News Column

FACT CHECK ; 'Black Muslim' virus found to be outright hoax Variation of a prank that's been around since at least 2000

January 26, 2014

Carole Fader

Times-Union readers want to know:

An urgent email warns against opening any message with an attachment called "Black Muslim in the White House," no matter who sent it to you, or else your hard drive will be destroyed. Is this true?

We've received one of these warning emails ourselves. There are many false "virus warnings" that are passed around via email. Some, like this one, are outright hoaxes, according to Snopes.com, the fact-finding website that confirms or debunks rumors and urban legends; Hoax-slayer.com; and Ted Emery, urban legend researcher for the information website About.com.

Others overstate the risks of the threat, or are outdated.

Now, be aware that there are viruses that can enter your computer through attachments, web links and such. They can do nasty things. But according to computer experts, there is not, nor has there ever been, a virus that fits the drastic characteristics like those described in this email.

The "Black Muslim" email claims that if you open the attachment, it will simply destroy the zero sector of the hard disk, where vital information functions are stored. It also states that this was reported by CNN and that Microsoft called it the most destructive virus ever.

The fact-finders say the "Black Muslim in the White House" email is a variant of the same basic hoax that has circulated around the world since at least 2000.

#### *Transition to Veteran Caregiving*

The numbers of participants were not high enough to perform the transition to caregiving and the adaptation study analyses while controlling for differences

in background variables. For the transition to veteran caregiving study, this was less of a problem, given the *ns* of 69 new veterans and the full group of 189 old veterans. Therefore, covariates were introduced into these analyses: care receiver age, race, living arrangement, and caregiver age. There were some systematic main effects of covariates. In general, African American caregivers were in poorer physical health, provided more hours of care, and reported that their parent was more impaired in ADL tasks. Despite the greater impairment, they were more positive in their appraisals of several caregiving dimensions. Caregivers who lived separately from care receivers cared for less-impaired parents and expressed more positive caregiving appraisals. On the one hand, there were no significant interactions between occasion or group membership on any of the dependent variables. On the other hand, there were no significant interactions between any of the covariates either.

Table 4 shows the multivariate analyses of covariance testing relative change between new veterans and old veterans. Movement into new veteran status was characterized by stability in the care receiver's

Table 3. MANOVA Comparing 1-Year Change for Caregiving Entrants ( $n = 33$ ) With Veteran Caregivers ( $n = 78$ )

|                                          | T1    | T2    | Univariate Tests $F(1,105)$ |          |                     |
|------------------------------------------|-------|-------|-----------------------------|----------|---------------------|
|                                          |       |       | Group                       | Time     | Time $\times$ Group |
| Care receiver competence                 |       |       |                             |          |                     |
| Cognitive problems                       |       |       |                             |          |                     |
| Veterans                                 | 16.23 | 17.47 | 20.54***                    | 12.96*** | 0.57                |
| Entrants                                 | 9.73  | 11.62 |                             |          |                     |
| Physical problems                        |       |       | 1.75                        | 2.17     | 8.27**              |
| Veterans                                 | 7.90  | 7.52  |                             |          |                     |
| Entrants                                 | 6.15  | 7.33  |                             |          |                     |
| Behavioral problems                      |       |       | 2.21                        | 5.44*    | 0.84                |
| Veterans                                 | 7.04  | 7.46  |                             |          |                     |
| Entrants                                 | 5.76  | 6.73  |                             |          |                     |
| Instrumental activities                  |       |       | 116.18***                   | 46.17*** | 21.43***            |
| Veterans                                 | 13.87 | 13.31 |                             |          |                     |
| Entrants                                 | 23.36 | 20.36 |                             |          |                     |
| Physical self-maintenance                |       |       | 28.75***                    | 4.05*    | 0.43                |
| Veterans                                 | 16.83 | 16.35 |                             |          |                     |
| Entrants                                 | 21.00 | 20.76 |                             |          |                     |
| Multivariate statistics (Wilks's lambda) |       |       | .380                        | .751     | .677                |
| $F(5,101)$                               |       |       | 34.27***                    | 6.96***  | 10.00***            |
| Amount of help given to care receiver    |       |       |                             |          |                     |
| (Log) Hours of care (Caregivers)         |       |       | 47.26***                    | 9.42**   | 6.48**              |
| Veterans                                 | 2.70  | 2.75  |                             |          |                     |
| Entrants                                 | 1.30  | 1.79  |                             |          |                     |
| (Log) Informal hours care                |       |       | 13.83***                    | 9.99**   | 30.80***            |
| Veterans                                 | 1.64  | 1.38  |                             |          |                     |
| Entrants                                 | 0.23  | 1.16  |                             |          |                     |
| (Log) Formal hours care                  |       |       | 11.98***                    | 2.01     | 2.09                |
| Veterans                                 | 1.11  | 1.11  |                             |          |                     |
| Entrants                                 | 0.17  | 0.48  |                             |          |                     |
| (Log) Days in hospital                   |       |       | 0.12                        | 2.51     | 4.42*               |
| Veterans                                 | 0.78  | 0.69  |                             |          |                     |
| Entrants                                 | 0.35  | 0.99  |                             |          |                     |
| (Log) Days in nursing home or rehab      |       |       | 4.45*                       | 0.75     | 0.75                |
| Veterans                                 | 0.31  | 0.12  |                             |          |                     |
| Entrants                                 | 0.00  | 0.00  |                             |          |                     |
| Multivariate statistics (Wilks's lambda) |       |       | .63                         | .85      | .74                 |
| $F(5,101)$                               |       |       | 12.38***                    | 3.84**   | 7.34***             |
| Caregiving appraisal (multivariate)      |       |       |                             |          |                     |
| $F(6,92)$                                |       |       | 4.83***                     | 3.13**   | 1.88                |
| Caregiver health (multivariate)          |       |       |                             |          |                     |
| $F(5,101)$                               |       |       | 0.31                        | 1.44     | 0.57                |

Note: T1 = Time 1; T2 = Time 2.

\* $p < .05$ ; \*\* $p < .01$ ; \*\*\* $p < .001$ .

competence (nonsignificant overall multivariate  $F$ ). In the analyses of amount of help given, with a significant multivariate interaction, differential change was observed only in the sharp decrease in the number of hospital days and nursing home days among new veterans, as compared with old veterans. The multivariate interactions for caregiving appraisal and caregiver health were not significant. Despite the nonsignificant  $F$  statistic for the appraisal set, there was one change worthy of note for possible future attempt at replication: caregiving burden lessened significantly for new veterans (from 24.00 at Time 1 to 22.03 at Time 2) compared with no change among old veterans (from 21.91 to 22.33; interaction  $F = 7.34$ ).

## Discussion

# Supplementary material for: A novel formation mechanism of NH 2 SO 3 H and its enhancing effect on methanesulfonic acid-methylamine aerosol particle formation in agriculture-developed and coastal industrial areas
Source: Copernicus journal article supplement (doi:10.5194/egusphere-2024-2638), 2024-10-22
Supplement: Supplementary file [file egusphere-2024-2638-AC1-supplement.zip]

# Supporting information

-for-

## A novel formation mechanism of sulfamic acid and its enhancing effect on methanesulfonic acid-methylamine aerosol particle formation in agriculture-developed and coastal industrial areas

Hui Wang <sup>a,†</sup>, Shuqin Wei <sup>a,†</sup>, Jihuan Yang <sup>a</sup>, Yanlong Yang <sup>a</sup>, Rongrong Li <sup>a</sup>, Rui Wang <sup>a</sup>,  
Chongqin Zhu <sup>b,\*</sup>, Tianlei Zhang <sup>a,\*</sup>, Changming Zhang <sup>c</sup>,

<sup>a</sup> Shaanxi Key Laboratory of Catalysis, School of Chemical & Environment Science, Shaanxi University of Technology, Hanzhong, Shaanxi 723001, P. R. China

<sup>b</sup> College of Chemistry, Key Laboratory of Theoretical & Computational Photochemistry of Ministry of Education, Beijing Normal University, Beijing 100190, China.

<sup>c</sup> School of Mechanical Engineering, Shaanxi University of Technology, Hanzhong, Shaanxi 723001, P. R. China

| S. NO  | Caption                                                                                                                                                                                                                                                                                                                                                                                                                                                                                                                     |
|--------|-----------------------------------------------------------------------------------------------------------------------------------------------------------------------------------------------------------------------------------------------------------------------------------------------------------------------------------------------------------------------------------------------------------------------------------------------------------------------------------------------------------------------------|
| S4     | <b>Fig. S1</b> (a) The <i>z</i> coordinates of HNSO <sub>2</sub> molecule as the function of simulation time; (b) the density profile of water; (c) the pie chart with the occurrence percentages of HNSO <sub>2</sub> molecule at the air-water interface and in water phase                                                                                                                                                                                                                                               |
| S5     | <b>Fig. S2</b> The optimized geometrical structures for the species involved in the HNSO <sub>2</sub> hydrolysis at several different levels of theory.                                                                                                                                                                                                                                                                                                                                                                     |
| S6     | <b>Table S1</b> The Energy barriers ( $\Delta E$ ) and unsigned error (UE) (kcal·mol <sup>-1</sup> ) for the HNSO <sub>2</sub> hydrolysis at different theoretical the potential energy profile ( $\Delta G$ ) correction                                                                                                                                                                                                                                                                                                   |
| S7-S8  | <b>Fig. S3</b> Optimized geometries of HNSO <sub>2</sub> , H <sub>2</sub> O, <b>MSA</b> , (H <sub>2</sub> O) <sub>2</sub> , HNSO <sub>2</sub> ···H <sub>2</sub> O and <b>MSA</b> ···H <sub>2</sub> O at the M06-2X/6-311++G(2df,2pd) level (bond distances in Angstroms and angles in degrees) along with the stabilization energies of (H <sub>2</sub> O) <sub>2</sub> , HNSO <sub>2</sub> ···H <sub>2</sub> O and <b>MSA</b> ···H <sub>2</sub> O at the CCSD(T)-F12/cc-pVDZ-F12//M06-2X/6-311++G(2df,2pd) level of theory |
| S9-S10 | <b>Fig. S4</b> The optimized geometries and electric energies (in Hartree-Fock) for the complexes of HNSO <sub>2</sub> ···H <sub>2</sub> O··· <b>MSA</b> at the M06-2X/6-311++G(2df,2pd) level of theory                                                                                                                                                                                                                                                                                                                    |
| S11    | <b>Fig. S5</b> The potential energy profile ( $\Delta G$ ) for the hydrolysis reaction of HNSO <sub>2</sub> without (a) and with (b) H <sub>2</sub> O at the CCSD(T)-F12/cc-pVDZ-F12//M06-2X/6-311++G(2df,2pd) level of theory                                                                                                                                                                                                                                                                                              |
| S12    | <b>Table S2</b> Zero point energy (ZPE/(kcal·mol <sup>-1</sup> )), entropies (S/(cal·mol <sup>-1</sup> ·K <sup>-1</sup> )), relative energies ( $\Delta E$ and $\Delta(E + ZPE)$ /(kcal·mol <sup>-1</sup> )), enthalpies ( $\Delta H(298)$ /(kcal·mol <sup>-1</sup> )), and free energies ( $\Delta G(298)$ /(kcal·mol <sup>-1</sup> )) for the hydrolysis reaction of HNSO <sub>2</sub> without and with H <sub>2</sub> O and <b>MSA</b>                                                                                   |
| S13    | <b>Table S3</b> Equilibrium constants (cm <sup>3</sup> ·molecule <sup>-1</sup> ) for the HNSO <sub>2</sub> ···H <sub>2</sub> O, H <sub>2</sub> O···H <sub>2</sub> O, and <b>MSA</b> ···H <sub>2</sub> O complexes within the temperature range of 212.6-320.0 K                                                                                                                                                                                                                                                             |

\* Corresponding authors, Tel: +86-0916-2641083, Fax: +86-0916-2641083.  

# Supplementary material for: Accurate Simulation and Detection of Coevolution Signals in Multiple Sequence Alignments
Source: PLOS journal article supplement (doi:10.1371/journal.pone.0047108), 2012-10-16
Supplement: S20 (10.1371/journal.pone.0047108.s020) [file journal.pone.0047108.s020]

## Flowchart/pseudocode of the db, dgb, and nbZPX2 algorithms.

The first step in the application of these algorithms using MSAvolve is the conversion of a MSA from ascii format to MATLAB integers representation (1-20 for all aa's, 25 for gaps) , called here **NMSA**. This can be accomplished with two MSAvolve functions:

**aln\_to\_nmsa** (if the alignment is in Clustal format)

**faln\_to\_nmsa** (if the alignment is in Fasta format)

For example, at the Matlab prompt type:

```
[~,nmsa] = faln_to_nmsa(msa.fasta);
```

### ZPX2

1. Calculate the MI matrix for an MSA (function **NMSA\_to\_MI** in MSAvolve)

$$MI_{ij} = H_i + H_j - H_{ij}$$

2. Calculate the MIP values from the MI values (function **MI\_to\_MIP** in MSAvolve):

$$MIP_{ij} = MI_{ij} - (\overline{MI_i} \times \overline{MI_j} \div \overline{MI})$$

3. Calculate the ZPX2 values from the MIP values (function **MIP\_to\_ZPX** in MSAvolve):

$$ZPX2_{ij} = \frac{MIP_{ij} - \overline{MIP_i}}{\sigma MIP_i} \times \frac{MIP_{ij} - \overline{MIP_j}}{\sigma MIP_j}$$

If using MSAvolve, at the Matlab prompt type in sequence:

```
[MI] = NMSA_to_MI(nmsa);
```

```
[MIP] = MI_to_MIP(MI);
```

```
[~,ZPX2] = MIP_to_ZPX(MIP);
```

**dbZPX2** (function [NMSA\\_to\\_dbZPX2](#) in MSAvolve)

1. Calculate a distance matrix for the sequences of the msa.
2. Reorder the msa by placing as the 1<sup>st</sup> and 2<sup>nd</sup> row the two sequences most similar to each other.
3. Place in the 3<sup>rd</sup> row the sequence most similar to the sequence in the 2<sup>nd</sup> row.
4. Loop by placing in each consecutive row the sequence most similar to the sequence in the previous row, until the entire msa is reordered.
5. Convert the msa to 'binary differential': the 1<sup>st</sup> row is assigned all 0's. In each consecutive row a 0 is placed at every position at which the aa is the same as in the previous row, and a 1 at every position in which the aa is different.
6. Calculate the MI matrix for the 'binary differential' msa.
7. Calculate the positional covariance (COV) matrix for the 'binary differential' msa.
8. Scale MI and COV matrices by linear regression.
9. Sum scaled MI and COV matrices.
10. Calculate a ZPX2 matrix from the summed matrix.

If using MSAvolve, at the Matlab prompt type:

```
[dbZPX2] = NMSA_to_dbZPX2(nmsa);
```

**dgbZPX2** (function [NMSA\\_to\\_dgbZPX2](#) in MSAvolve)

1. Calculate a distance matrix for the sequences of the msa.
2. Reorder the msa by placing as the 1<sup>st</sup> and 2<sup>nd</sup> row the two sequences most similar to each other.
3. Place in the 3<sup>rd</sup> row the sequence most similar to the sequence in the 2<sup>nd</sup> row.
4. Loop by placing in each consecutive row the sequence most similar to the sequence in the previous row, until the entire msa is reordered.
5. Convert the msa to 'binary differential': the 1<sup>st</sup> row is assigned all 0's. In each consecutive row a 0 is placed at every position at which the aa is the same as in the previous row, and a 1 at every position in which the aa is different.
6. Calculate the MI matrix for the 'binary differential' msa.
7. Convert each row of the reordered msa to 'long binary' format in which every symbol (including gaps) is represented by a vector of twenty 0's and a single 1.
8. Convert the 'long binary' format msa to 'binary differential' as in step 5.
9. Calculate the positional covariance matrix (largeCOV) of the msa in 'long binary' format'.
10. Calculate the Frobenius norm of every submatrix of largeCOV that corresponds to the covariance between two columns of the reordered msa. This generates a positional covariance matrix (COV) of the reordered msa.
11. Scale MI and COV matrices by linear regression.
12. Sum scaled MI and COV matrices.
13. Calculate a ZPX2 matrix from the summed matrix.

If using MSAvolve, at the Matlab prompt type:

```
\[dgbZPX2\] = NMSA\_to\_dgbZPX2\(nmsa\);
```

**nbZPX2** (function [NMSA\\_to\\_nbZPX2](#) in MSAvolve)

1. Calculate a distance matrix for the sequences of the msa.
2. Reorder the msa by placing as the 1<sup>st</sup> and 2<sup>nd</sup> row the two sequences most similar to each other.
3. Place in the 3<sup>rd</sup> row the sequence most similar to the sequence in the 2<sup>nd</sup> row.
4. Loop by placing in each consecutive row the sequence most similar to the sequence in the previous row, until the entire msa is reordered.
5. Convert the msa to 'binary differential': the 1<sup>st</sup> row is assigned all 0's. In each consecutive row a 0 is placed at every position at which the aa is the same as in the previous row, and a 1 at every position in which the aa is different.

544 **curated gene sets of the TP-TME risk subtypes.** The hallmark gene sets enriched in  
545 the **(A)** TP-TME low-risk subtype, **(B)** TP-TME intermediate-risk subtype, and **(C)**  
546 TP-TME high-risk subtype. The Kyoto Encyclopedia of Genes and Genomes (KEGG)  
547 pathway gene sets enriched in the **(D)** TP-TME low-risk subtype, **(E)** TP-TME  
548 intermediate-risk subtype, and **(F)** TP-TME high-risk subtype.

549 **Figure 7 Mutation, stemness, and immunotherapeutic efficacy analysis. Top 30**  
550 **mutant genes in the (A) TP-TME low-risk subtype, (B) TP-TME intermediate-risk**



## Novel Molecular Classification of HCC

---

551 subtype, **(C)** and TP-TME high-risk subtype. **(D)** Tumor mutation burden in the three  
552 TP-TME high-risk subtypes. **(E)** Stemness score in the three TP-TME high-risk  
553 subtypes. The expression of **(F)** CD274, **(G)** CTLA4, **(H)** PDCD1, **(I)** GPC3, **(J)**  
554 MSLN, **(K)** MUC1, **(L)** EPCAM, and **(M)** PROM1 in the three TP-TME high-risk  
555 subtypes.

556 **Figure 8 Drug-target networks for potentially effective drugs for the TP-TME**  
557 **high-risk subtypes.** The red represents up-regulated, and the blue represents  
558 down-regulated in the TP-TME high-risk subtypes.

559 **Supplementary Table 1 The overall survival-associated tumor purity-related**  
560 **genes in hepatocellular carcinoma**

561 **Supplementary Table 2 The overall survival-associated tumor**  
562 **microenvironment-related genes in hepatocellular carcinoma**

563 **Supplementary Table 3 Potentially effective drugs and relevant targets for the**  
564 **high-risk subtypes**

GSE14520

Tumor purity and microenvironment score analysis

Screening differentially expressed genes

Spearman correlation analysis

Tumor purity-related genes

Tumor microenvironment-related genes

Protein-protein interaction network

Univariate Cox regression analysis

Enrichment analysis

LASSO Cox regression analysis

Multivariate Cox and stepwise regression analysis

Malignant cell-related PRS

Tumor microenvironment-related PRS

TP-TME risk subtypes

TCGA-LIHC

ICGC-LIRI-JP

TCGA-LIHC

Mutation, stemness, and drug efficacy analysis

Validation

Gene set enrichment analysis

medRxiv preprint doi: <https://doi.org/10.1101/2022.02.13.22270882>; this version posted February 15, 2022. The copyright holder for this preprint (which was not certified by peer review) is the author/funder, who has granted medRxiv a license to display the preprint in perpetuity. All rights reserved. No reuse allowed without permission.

The original was most commonly seen as the "Virtual Card for You" hoax, Snopes.com reports. Then, in time for the 2006 Winter Olympics, someone reintroduced it as an "Olympic Torch" virus warning (also known as the "Invitation Virus"). Others were the Merry Christmas Virus and the Hallmark Postcard Virus.

In July 2007, malicious eCard notification emails began hitting inboxes, according to Hoax-slayer.com. Some claimed to be notifications about a postcard from a family member; others said they were a July 4th celebration eCard notification from a colleague or friend.

Clicking on links in these emails opened a website that would download and install malware. A hacker might get access to the infected computer - bad enough - but the malware did not destroy the computer's hard drive, Hoax-slayer reports. The malware campaign, however, was totally unrelated to the original "virtual card" hoax.

After the inauguration of Barack Obama in 2009, here came essentially the same warning called "Black in the White House" (since modified to "Black Muslim in the White House"), the fact finders report. The warning came again in 2010.

The bottom line is that no matter what the title of a warning email might be, this "killer" warning is a hoax: No such disk- destroying virus like the one described in "Black Muslim in White House," has been identified by McAfee, the world's largest computer security company. Neither was it reported by CNN.

Here's a real warning, though: Maintain up-to-date antivirus software, and be careful about which attachments you open, which files you download and which links you click.Carole Fader: (904) 359- 4635FACT CHECKWant something checked out? If you see or hear about something that needs a Fact Check, e-mail carole.fader@jacksonville.com


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Source: Florida Times Union


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